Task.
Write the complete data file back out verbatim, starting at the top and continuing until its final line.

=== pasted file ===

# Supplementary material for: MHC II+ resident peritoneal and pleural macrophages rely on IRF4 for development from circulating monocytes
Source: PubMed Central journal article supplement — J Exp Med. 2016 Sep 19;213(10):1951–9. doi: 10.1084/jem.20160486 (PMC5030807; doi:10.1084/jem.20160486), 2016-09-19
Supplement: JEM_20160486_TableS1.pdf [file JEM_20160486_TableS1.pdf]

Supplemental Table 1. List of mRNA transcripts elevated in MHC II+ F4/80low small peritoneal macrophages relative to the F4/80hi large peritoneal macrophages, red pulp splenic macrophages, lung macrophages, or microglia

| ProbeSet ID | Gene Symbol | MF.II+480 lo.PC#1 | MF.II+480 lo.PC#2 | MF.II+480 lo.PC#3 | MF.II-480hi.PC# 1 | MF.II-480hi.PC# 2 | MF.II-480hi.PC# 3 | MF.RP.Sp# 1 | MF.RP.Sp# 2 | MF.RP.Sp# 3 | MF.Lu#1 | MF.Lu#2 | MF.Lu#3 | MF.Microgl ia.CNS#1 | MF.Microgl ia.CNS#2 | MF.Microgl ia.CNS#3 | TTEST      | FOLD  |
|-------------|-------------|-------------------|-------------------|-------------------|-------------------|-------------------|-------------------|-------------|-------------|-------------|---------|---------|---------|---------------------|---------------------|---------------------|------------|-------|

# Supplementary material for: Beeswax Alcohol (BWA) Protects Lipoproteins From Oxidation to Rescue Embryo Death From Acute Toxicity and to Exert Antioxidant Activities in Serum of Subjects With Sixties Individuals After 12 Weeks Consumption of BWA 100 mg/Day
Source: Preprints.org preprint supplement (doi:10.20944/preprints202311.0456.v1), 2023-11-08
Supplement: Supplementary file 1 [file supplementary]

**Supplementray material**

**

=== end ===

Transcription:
# Supplementary material for: MHC II+ resident peritoneal and pleural macrophages rely on IRF4 for development from circulating monocytes
Source: PubMed Central journal article supplement — J Exp Med. 2016 Sep 19;213(10):1951–9. doi: 10.1084/jem.20160486 (PMC5030807; doi:10.1084/jem.20160486), 2016-09-19
Supplement: JEM_20160486_TableS1.pdf [file JEM_20160486_TableS1.pdf]

Supplemental Table 1. List of mRNA transcripts elevated in MHC II+ F4/80low small peritoneal macrophages relative to the F4/80hi large peritoneal macrophages, red pulp splenic macrophages, lung macrophages, or microglia

| ProbeSet ID | Gene Symbol | MF.II+480 lo.PC#1 | MF.II+480 lo.PC#2 | MF.II+480 lo.PC#3 | MF.II-480hi.PC# 1 | MF.II-480hi.PC# 2 | MF.II-480hi.PC# 3 | MF.RP.Sp# 1 | MF.RP.Sp# 2 | MF.RP.Sp# 3 | MF.Lu#1 | MF.Lu#2 | MF.Lu#3 | MF.Microgl ia.CNS#1 | MF.Microgl ia.CNS#2 | MF.Microgl ia.CNS#3 | TTEST      | FOLD  |
|-------------|-------------|-------------------|-------------------|-------------------|-------------------|-------------------|-------------------|-------------|-------------|-------------|---------|---------|---------|---------------------|---------------------|---------------------|------------|-------|

# Supplementary material for: Beeswax Alcohol (BWA) Protects Lipoproteins From Oxidation to Rescue Embryo Death From Acute Toxicity and to Exert Antioxidant Activities in Serum of Subjects With Sixties Individuals After 12 Weeks Consumption of BWA 100 mg/Day
Source: Preprints.org preprint supplement (doi:10.20944/preprints202311.0456.v1), 2023-11-08
Supplement: Supplementary file 1 [file supplementary]

**Supplementray material**

**